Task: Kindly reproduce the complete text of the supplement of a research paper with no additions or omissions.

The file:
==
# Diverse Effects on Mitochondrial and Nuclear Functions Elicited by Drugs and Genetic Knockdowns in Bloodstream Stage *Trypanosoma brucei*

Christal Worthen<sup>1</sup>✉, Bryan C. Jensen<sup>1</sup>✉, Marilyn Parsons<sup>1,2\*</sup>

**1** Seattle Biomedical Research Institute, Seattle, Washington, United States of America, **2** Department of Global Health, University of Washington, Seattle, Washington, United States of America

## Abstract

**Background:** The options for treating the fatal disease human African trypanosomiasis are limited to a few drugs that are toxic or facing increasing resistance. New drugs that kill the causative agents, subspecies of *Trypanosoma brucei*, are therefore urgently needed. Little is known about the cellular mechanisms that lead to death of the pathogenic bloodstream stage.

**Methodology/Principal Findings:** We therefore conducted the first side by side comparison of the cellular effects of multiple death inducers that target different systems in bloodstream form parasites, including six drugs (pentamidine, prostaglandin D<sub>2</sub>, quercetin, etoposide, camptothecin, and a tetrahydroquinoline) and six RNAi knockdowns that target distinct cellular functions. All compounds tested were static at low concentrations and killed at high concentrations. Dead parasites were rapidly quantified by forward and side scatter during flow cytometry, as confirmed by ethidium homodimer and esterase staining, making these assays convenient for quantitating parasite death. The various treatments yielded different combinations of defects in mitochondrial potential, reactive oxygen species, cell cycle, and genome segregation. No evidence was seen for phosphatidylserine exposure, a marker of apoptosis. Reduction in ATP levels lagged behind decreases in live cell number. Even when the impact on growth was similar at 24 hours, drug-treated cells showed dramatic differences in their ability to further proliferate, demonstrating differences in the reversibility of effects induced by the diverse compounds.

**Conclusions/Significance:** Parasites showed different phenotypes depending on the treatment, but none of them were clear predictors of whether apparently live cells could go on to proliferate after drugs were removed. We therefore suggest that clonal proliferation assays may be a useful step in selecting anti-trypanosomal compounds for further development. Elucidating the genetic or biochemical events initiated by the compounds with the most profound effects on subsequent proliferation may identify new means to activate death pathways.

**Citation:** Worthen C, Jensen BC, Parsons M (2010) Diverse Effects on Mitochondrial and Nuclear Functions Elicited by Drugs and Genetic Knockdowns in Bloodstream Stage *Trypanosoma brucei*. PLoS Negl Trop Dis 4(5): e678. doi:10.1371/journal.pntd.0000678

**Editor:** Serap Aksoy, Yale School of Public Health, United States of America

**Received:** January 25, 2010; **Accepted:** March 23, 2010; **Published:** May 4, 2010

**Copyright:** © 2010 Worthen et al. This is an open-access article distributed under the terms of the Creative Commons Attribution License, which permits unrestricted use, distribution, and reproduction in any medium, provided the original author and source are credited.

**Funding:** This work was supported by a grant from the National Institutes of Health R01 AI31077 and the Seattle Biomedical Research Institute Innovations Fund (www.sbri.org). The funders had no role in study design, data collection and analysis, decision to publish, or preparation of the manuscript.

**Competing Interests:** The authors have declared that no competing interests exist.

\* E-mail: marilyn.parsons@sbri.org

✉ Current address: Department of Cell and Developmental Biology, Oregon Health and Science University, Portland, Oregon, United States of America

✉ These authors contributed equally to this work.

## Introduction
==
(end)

# Diverse Effects on Mitochondrial and Nuclear Functions Elicited by Drugs and Genetic Knockdowns in Bloodstream Stage *Trypanosoma brucei*

Christal Worthen<sup>1</sup>✉, Bryan C. Jensen<sup>1</sup>✉, Marilyn Parsons<sup>1,2\*</sup>

**1** Seattle Biomedical Research Institute, Seattle, Washington, United States of America, **2** Department of Global Health, University of Washington, Seattle, Washington, United States of America

## Abstract

**Background:** The options for treating the fatal disease human African trypanosomiasis are limited to a few drugs that are toxic or facing increasing resistance. New drugs that kill the causative agents, subspecies of *Trypanosoma brucei*, are therefore urgently needed. Little is known about the cellular mechanisms that lead to death of the pathogenic bloodstream stage.

**Methodology/Principal Findings:** We therefore conducted the first side by side comparison of the cellular effects of multiple death inducers that target different systems in bloodstream form parasites, including six drugs (pentamidine, prostaglandin D<sub>2</sub>, quercetin, etoposide, camptothecin, and a tetrahydroquinoline) and six RNAi knockdowns that target distinct cellular functions. All compounds tested were static at low concentrations and killed at high concentrations. Dead parasites were rapidly quantified by forward and side scatter during flow cytometry, as confirmed by ethidium homodimer and esterase staining, making these assays convenient for quantitating parasite death. The various treatments yielded different combinations of defects in mitochondrial potential, reactive oxygen species, cell cycle, and genome segregation. No evidence was seen for phosphatidylserine exposure, a marker of apoptosis. Reduction in ATP levels lagged behind decreases in live cell number. Even when the impact on growth was similar at 24 hours, drug-treated cells showed dramatic differences in their ability to further proliferate, demonstrating differences in the reversibility of effects induced by the diverse compounds.

**Conclusions/Significance:** Parasites showed different phenotypes depending on the treatment, but none of them were clear predictors of whether apparently live cells could go on to proliferate after drugs were removed. We therefore suggest that clonal proliferation assays may be a useful step in selecting anti-trypanosomal compounds for further development. Elucidating the genetic or biochemical events initiated by the compounds with the most profound effects on subsequent proliferation may identify new means to activate death pathways.

**Citation:** Worthen C, Jensen BC, Parsons M (2010) Diverse Effects on Mitochondrial and Nuclear Functions Elicited by Drugs and Genetic Knockdowns in Bloodstream Stage *Trypanosoma brucei*. PLoS Negl Trop Dis 4(5): e678. doi:10.1371/journal.pntd.0000678

**Editor:** Serap Aksoy, Yale School of Public Health, United States of America

**Received:** January 25, 2010; **Accepted:** March 23, 2010; **Published:** May 4, 2010

**Copyright:** © 2010 Worthen et al. This is an open-access article distributed under the terms of the Creative Commons Attribution License, which permits unrestricted use, distribution, and reproduction in any medium, provided the original author and source are credited.

**Funding:** This work was supported by a grant from the National Institutes of Health R01 AI31077 and the Seattle Biomedical Research Institute Innovations Fund (www.sbri.org). The funders had no role in study design, data collection and analysis, decision to publish, or preparation of the manuscript.

**Competing Interests:** The authors have declared that no competing interests exist.

\* E-mail: marilyn.parsons@sbri.org

✉ Current address: Department of Cell and Developmental Biology, Oregon Health and Science University, Portland, Oregon, United States of America

✉ These authors contributed equally to this work.

## Introduction